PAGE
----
I know first hand that sometimes all you could do was put just enough on to keep things going until you had a little bit more money to work with.

It’s bad enough that pre-pay meters already hit the poorest, with the cost of energy being higher than monthly billed customers.

But this move to increase the minimum top-up rate will be putting families at risk and should be reversed immediately, especially at a time of year when the need for gas and electricity will be at its highest.

Please sign and share this petition.

https://you.38degrees.org.uk/petitions/british-gas-reverse-the-minimum-top-up-rise-1

Thank you, Green voters of Walthamstow

Thank you to Walthamstow voters who followed a national trend and delivered more Green votes compared to 2017. A 60% increase in votes for the Greens across the country shows the public is ready for immediate climate action, a Green New Deal, and a change to our voting system. If you want to continue to push for those ideas then consider joining, https://join.greenparty.org.uk.

Now more than ever I fear for the future of the UK and the world. We’re not the biggest or richest country, but we can still be a major influence on the global stage. We could have been leaders in environmental solutions and how we treat each other. Instead, we are set to become more inward-looking and more aggressive in our foreign policy, leading to a less safe world. We also seem set to break up the UK. There is no solution to Brexit that won’t jeopardise the relationship between England, Scotland, Wales and N. Ireland.

We are where we are not because the public has rejected transformative progressive politics or because they have embraced a Conservative vision of the UK, whose own vote share barely moved in comparison, but because Labour has failed in its attempt to be all things to all people.

A broad church does not work in a First Past The Post system. The Labour Party needs to recognise that the best way to deliver the change that we want to see is not by trying to force all voters to vote for them, but by recognising that smaller parties help to amplify voices that would otherwise be lost in a bigger party. This can only happen under a Proportional Representation system. Sadly the chance of this happening now seems further away, but we cannot, and must not give up.

Politics is going to be a mess for some time to come, with lots of in-fighting as politicians – who are meant to be on the same side – split into factions and vie for the power to shape the policies of their own party, while the Conservatives get on with their damaging manifesto.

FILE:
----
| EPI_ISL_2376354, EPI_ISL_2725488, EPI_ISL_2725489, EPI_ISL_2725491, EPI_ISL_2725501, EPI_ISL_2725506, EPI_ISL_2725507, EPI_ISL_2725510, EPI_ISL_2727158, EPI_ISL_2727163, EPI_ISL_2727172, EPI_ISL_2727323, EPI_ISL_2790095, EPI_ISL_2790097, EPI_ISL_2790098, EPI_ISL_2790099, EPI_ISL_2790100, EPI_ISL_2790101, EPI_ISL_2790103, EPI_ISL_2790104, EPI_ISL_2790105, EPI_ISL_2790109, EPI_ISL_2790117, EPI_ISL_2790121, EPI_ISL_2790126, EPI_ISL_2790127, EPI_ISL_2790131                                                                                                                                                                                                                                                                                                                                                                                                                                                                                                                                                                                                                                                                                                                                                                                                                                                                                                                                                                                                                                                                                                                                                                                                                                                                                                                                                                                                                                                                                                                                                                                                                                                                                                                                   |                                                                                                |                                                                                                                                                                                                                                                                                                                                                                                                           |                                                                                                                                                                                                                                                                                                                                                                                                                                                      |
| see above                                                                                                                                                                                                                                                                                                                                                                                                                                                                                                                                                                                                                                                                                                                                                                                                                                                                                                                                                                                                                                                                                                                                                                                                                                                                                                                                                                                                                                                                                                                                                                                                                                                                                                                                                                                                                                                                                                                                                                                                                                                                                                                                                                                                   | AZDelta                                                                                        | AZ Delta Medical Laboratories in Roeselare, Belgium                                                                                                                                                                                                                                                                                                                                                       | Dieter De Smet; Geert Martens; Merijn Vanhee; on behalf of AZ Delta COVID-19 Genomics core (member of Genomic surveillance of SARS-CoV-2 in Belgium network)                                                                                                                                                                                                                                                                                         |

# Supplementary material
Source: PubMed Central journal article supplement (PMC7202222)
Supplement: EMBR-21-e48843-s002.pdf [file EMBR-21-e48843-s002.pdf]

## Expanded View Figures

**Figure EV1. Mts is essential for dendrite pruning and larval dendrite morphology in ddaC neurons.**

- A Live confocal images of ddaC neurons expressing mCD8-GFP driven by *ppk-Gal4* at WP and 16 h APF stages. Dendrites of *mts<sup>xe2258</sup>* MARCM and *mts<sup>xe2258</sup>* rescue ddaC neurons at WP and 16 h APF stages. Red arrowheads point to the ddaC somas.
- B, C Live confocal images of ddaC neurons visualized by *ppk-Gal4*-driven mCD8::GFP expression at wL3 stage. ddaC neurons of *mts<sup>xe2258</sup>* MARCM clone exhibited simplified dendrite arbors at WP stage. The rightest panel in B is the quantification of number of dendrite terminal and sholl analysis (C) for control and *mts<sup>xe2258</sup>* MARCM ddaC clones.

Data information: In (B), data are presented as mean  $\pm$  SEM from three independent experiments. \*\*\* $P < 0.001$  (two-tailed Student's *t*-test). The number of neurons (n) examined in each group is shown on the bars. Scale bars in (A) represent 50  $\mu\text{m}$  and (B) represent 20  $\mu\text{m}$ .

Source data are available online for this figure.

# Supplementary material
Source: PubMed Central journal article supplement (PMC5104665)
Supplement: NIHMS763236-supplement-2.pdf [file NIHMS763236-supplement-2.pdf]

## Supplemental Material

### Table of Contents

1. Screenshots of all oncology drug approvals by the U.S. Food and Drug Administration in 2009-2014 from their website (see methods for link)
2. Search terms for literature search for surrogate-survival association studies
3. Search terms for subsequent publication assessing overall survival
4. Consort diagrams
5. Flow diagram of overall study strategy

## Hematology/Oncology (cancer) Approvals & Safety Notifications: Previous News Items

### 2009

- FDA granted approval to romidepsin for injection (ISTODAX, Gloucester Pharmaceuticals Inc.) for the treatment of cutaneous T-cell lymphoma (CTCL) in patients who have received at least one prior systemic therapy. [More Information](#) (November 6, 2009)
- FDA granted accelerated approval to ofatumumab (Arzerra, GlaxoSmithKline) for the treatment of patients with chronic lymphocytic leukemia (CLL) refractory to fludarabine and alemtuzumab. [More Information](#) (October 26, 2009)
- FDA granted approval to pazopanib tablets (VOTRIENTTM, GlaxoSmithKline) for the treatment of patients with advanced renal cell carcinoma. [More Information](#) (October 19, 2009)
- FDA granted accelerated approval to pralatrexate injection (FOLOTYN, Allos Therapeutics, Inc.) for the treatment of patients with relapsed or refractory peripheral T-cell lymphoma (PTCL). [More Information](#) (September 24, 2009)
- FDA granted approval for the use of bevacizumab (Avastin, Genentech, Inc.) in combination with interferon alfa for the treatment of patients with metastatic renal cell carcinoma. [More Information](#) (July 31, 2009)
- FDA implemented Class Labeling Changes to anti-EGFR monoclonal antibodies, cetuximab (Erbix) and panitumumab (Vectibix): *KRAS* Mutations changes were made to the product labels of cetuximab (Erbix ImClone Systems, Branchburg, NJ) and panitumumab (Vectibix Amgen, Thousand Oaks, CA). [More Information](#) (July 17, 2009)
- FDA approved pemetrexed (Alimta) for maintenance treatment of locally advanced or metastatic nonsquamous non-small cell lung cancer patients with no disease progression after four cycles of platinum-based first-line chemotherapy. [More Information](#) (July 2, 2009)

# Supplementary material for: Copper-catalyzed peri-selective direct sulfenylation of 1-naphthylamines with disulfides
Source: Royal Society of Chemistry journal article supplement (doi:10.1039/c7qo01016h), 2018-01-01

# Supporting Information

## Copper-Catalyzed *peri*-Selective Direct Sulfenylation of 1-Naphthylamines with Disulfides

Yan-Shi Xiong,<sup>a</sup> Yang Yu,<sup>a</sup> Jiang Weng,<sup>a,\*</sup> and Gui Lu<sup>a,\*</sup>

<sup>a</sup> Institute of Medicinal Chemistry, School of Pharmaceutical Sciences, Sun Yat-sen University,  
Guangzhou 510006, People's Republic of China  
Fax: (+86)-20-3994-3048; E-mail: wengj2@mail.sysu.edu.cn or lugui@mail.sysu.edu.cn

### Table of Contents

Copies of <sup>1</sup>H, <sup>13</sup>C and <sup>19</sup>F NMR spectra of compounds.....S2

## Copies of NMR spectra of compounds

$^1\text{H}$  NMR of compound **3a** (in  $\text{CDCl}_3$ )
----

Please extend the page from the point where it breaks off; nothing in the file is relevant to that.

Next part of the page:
While they do this, the rest of us must re-double our efforts. We must hold our Government and MPs to account while we lack credible opposition, and we must be the kind, compassionate, forward-thinking country than I know we can be. We can do that through grassroots movements like Extinction Rebellion, Make Votes Matter, Global Justice Now, London Renters Union, Transition (including Transition Leytonstone’s community fridge), and other community programmes like Eat or Heat.

Thank you again for the Green voters of Walthamstow who put their trust in me.

ReviveFM hustings video

Here’s the video from the Walthamstow hustings, hosted by ReviveFM. I look forward to going back at some point. Due to the studio constraints, they split the two-hour show into two halves, with me and the Brexit Party candidate going first, followed by Lib Dems vs Conservatives.

Saving the high street, helping the small businesses of Walthamstow

Modern life has changed the way we shop, and this has affected small businesses of Walthamstow. Greens don’t often get much attention for their plans to help small businesses, so I thought I’d outline some ways that the Green party could help, and why the idea of increasing the minimum wage need not be a problem for small businesses when applied in the context of other proposed changes.

Continue reading “Saving the high street, helping the small businesses of Walthamstow”

Hustings appearances before the election

Some hustings appearances for Walthamstow candidates are coming up:

DateHostLocation
Tuesday 3rd Dec
5pm-7pm
ReviveFM Radio Online
Thursday 5th Dec
12pm-1pm
Students Question Time Sir George Monoux College
Sunday 8th Dec
7.30pm – 8.30pm
St Peter-in-the-forest Peterhouse Church
& Community Centre
122 Forest Rise,
London
E17 3PW